Another episode early in the film includes a wailing mother who revisits the eerily empty prison (which is in Erbil, Iraq) where the son died- the scene proves both distant and uncomfortable to the viewer.
A later scene offers a birds-eye view of another prison yard (again the location is unclear) where orange-clad male prisoners have their limited exercise walk; little to no context is given and this scene proves disturbing because it plays out in real time and later cuts to close-up shots of them with hands cuffed behind their backs.
There is both a banality and silence to the scene as the viewer tries to reconcile media representations and earlier references in the film (ISIS/Daesh) with the state-sponsored retribution that is unfolding.
Theatre of the Absurd
This most compelling part of Notturno is the casting, direction and performance of a play on the history of Iraq called ‘Homeland’ that takes place in a psychiatric ward; the viewer is first greeted by images of wailing patients and then witness the director (a doctor) choose six patients to act in his play.
A video montage is projected in the background that provides glimpse of archival context that has been missing throughout the film- Assad, Saddam, burning oil fields, American invasion… from Monarchy to Republic to Daesh. The doctor-director gives the patient-actors scripts to memorize and the viewer witnesses both this strange approach to rehabilitation and a fiercely dedicated troupe of misfit performers express their collective outrage at the loss of their country.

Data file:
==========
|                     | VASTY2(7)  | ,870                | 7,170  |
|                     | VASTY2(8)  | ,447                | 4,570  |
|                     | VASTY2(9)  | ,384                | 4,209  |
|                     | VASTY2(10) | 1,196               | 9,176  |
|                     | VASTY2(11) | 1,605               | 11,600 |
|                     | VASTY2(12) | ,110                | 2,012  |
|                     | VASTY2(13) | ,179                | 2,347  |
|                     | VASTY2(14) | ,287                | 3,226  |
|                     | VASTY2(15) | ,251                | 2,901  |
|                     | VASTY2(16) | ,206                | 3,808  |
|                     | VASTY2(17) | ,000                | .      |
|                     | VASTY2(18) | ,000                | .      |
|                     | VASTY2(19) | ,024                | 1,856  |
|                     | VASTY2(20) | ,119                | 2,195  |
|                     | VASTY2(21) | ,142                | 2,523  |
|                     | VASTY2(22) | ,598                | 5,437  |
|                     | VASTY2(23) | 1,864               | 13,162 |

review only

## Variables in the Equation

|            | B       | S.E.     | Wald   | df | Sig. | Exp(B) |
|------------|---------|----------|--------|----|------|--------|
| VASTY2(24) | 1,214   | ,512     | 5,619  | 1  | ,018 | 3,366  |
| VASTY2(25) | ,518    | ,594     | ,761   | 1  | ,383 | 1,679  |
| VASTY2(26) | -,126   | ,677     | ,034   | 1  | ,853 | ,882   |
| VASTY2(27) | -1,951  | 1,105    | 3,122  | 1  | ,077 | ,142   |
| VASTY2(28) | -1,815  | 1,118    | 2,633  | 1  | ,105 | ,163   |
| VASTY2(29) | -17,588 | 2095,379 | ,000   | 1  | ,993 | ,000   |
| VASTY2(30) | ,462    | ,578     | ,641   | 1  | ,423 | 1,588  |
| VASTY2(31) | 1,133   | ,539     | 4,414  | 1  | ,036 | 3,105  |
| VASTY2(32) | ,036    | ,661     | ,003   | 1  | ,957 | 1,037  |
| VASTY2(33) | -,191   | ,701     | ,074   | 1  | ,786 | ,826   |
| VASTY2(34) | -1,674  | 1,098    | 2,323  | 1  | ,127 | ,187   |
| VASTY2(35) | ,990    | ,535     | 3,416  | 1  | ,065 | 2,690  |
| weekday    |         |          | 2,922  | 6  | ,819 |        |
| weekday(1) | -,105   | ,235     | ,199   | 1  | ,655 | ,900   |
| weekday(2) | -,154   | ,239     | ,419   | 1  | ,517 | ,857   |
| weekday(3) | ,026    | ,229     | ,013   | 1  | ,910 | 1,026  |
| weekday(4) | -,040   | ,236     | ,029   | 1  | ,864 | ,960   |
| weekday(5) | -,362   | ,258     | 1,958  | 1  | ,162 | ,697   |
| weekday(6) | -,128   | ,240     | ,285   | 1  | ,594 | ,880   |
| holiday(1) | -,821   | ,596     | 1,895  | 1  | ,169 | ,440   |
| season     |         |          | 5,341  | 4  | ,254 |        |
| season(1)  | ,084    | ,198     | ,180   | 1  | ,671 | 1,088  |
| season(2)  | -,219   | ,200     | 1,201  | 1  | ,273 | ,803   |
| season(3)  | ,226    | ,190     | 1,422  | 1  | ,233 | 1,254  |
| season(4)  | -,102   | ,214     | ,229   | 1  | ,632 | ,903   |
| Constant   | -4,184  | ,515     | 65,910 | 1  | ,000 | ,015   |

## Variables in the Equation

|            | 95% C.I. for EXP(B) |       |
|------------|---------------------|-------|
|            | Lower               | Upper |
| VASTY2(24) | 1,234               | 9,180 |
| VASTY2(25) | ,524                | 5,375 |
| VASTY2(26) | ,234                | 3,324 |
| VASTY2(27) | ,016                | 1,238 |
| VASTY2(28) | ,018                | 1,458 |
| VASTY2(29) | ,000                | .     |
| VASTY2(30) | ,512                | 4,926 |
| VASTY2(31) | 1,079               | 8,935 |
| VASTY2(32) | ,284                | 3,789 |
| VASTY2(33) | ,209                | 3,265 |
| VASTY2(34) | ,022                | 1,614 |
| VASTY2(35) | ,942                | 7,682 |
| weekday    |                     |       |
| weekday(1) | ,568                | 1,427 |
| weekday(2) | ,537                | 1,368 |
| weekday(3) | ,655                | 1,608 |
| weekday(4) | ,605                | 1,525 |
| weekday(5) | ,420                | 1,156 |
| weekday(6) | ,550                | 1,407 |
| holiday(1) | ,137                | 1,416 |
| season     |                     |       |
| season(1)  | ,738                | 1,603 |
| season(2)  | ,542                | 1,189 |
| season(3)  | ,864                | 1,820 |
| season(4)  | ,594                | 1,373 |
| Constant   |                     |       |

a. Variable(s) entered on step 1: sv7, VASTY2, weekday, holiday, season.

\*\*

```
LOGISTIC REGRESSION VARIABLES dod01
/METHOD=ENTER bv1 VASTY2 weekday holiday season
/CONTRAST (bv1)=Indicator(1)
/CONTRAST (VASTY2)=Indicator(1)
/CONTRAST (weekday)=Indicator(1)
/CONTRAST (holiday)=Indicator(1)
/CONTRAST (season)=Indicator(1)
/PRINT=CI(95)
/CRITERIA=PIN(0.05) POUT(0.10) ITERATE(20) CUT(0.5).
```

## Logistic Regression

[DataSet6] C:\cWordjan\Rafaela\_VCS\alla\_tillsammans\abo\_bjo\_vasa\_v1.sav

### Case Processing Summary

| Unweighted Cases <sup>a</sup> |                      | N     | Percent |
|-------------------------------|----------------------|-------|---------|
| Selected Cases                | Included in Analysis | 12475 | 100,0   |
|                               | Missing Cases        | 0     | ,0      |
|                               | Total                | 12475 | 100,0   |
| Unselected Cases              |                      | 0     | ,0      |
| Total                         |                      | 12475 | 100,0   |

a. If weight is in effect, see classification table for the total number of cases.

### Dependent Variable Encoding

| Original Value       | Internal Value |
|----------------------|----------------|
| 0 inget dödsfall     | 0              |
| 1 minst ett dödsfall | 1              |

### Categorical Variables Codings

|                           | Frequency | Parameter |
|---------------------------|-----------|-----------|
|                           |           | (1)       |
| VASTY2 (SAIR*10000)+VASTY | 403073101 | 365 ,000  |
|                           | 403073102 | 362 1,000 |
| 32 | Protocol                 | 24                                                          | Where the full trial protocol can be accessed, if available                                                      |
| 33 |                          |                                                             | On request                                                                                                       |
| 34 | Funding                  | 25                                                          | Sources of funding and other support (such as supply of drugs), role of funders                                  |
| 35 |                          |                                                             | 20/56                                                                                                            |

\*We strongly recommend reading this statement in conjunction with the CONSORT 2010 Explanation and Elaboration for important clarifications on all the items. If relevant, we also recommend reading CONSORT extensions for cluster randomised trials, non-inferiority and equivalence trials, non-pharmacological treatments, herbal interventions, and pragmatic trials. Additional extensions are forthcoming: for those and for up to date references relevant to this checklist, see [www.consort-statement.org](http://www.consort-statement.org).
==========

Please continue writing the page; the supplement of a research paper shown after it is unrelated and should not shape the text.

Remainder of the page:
One of the actors shouts ‘no to America… no to Iran’ as another video montage throws a blitz of imagery that reveals colonial roots to Iraqi civil war alongside a ‘Palestine is Lost’ mantra; Notturno seems about to end with an Arabic song of lament and the close-up of the actors but instead the film turns back to imagery of the everyday (one of the earlier characters, Ali and his silent work assisting bird hunters).
VIDEO: Gianfranco Rosi on Notturno, Immersive Filmmaking, and Finding the Right Moment
The back and forth between the poetically observational and largely silent stories of families, workers, soldiers and random people in the region and the overly political play put on by the doctor-director and patient-actors in the psychiatric ward is both highly interesting and slightly frustrating- a more coherent arrangement would have lent the overall film a stronger force.
In interviews Rosi has described the complexity of the subject matter of Notturno as ‘the stratification of history coming out through memory’ and stresses that he both wants and lets the audience ‘do homework’ in terms of the subject matter and political intricacies. He worked with line producers in Iran, Kurdish-controlled territory, Iraq, Lebanon and Syria and this film is important in offering the politically-conscious another more impressionistic view of the region and its complexities.
Rosi’s previous films have also resulted from living and embedding himself in the location and his distinct approach to mixing observational documentary is one he eludes to; ‘I hate filming… I like watching.’ Much of the film is shot at night and exudes a dark purgatorial world of characters, landscape and the weight of history- a night scene, a nocturne, Notturno.